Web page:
La mer Three symphonic sketches
Symphony No.8 in C minor, Op.65
Royal Concertgebouw Orchestra
Reviewed by: Timothy Ball
Reviewed: 20 March, 2004
Venue: Barbican Hall, London
The Royal Concertgebouw is unquestionably one of the world’s finest orchestras, the listener invariably rewarded by secure and polished playing, an upholstered sound founded on a rich-toned string section.
But an orchestra – as does a conductor – needs to be responsive to the repertoire in hand. On this occasion the combined strengths of the RCO and Bernard Haitink did not seem suited to the elemental worlds which Debussy and Shostakovich evoke. The opening of La mer was certainly becalmed, though the dynamic level of the first few pages was above the ppp and pp markings. Later on, when the music becomes more animated, although there was commendable flowing movement, a lack of forward momentum and impulse was a consistent deficiency (so too in the Shostakovich). The cellos emoted their way through their famous passage, and Haitink took the Presque lent and Très modéré markings to extremes, which might have been effective had they not sounded out of context. Conversely, the coda’s Très lent was faster than these earlier moments, but the ripe playing from a golden-toned brass section was undeniably gorgeous.
Jeux de vagues stubbornly failed to glitter, and remained obstinately earthbound, with a climax sounding like that of a Tchaikovsky tone poem – not at all the sonority needed in this music. The final movement lacked a sense of the ominous at its outset, and was marred by some flawed string entries and an uncertain trumpet which, given the calibre of the orchestra, was as surprising as it was unexpected. Once again, the weight of sound was impressive, but Debussy’s graphic storm was observed from a position of safety. At no point did one feel caught up in the turbulence.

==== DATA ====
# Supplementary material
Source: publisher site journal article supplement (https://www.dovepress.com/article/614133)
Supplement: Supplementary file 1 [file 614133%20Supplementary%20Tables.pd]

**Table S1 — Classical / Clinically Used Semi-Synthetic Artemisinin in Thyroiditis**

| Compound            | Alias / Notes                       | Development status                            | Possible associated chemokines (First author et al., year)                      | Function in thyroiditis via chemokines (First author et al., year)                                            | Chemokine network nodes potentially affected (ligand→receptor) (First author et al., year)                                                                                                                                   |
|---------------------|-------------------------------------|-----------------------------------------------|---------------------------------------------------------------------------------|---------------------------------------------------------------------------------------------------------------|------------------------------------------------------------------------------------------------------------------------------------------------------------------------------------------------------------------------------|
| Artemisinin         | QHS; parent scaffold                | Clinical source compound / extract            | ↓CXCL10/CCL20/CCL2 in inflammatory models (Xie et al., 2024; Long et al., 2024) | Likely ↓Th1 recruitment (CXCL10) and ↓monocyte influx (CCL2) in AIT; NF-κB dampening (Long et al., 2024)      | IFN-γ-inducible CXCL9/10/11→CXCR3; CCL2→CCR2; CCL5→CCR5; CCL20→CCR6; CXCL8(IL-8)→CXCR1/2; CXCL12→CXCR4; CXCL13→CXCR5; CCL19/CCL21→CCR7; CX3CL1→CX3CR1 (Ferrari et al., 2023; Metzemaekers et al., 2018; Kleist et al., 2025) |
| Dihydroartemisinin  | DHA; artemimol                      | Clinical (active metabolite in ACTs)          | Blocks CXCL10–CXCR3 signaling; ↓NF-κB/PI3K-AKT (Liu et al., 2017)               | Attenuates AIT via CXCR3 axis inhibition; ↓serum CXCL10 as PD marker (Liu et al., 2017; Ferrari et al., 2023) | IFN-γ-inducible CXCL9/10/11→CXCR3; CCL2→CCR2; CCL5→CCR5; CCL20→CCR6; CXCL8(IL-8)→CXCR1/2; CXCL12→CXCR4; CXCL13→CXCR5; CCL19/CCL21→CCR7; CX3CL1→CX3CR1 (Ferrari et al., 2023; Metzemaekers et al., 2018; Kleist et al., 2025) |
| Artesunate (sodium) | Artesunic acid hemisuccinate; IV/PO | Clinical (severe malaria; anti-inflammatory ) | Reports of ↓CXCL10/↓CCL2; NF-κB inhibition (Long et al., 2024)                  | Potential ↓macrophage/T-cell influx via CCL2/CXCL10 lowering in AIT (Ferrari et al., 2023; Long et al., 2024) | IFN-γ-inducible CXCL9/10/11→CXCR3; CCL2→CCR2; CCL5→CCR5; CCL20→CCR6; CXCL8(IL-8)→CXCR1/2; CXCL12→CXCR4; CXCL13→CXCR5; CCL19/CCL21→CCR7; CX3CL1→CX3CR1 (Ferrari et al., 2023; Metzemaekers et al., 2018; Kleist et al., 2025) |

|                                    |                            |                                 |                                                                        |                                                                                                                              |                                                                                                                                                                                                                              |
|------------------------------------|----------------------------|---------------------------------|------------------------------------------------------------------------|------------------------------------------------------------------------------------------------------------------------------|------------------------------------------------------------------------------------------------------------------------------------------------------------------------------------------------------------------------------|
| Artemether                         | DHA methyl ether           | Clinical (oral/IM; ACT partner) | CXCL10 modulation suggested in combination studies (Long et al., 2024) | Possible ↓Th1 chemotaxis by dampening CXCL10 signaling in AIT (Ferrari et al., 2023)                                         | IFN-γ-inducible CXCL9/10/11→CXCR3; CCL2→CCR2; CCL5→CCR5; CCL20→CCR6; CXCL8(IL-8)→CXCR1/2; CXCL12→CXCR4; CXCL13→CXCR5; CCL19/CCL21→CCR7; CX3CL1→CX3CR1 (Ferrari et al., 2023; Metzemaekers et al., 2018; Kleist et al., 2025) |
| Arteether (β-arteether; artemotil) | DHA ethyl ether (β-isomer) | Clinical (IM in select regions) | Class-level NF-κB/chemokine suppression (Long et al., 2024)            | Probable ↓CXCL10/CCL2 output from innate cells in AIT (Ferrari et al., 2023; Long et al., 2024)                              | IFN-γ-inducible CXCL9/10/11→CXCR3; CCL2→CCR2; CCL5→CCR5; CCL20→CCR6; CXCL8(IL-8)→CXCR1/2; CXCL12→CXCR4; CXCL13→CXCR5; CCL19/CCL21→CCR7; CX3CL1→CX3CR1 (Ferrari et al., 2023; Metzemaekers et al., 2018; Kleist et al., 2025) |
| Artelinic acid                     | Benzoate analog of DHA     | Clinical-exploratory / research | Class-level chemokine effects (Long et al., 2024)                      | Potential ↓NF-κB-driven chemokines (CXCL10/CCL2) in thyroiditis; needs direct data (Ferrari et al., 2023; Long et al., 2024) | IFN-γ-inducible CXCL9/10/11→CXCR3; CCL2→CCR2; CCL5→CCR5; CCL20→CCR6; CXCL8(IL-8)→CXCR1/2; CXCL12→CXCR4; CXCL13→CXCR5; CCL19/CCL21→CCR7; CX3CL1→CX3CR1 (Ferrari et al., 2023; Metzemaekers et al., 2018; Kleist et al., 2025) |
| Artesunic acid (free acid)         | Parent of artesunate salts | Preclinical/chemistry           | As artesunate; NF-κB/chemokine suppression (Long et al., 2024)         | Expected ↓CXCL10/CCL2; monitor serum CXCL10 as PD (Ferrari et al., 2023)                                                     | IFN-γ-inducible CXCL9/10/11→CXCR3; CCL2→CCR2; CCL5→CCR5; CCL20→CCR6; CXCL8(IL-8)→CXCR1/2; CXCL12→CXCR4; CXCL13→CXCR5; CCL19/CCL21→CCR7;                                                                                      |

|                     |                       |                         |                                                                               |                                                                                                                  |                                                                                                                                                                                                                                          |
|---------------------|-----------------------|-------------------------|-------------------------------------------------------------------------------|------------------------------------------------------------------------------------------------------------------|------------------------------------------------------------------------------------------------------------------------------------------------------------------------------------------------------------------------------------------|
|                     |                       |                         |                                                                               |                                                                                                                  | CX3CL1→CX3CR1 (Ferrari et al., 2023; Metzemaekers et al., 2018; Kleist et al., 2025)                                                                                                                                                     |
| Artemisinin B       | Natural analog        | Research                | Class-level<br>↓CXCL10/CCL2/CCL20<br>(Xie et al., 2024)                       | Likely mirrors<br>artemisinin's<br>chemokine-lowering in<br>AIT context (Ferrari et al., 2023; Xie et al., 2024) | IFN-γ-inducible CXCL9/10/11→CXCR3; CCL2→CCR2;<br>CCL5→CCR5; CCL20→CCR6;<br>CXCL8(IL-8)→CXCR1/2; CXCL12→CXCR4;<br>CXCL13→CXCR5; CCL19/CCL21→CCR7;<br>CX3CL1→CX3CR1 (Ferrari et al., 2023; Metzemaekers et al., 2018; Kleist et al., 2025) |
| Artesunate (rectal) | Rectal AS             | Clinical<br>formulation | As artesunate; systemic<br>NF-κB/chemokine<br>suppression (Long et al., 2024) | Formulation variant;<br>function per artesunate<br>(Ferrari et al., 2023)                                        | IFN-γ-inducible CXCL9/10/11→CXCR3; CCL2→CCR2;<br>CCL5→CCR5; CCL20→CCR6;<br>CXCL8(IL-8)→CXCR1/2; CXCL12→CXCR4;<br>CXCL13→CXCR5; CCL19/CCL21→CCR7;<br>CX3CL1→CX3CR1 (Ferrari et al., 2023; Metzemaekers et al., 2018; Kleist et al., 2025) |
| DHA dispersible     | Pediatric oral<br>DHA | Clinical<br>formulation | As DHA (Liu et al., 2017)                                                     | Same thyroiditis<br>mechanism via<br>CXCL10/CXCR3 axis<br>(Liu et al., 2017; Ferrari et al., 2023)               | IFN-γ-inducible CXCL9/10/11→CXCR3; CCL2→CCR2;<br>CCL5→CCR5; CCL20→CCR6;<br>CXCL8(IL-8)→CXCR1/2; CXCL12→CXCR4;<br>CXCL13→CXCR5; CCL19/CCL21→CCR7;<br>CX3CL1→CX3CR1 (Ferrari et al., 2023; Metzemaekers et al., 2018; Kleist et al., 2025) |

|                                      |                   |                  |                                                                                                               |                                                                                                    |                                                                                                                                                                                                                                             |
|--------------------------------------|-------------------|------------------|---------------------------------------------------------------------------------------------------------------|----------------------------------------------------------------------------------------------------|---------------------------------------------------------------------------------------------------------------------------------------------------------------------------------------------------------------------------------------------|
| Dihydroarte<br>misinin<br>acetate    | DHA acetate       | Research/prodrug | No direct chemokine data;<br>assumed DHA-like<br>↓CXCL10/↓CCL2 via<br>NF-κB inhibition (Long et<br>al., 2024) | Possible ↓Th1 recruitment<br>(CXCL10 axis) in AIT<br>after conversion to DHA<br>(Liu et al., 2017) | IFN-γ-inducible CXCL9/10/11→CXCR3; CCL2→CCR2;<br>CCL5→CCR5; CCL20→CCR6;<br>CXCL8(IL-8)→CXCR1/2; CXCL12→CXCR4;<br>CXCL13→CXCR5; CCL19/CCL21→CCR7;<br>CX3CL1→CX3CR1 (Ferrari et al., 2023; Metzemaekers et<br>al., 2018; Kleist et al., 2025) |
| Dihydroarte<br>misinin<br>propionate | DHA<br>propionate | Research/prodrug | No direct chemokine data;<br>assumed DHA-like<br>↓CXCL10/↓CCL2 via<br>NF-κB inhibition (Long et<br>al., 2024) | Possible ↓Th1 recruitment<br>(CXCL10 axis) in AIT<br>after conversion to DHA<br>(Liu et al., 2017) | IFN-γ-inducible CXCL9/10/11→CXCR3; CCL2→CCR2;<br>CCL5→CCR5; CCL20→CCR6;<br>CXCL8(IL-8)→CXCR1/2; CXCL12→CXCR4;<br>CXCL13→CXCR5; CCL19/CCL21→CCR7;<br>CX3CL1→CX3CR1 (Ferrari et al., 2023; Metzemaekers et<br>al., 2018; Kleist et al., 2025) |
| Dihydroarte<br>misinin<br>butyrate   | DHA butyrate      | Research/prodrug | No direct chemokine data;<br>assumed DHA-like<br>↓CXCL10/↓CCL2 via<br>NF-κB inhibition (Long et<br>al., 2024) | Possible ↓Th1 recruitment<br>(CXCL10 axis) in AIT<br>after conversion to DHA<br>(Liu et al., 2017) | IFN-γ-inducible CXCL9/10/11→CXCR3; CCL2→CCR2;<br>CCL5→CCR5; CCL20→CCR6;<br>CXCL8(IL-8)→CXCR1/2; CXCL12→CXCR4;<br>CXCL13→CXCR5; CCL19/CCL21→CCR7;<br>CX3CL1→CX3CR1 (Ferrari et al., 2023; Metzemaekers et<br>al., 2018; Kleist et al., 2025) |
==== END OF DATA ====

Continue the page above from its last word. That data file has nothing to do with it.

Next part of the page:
There was a similar lack of engagement with the torments that are rarely far from the surface in Shostakovich’s Eighth Symphony. The opening string phrases had plenty of depth – excellent double basses – but the subsequent tortuous violin lines were much too comfortable – a description which applies to this performance as a whole. The feeling of menace, of impending nemesis was simply absent. Loud climaxes were merely loud; the screaming chords which interrupt the course of the first and last movements, and which begin the fourth, were remarkable as sound, but not the harrowing nightmare they surely should be.
Haitink’s tempos were on the measured side – nothing necessarily wrong with that – but although I am not a metronome watcher, one can do as Stravinsky suggested, which is to use the markings as “a guide”. Many of Haitink’s speeds were way below those indicated – including the piccolo episode in the second movement – and contributed to a fateful lack of propulsion in music which needs to feel – however slow it is – that it is going somewhere.
One passage which really came to life was in the third movement in what would I suppose be termed ’formally’ the trio – when an ’oompah’ brass and percussion vamp accompanies mock reveille calls on the trumpet, answered by jeering string laughter and terrified scurrying in the woodwinds. This section had real character and – most importantly – danger, which the remainder of the movement, with its rather plodding overall pace, failed to conjure.
One sensed an air of heavy resignation through the world-weary brooding of the fourth movement passacaglia, though the flutter-tonguing flutes failed to chill the atmosphere, and the ambiguity of the seemingly optimistic start to the finale was made plain by some outstanding bassoon playing.
Indeed, the orchestral playing was impeccable, but the character of the music did not come to life; none of the exposed, raw nerve-endings as in performances by, say, Mravinsky, to whom the symphony is dedicated. As a demonstration of orchestral polish, this performance would be hard to beat; for an evocation of the dark world of Dmitri Shostakovich, one would have to look – and listen – elsewhere.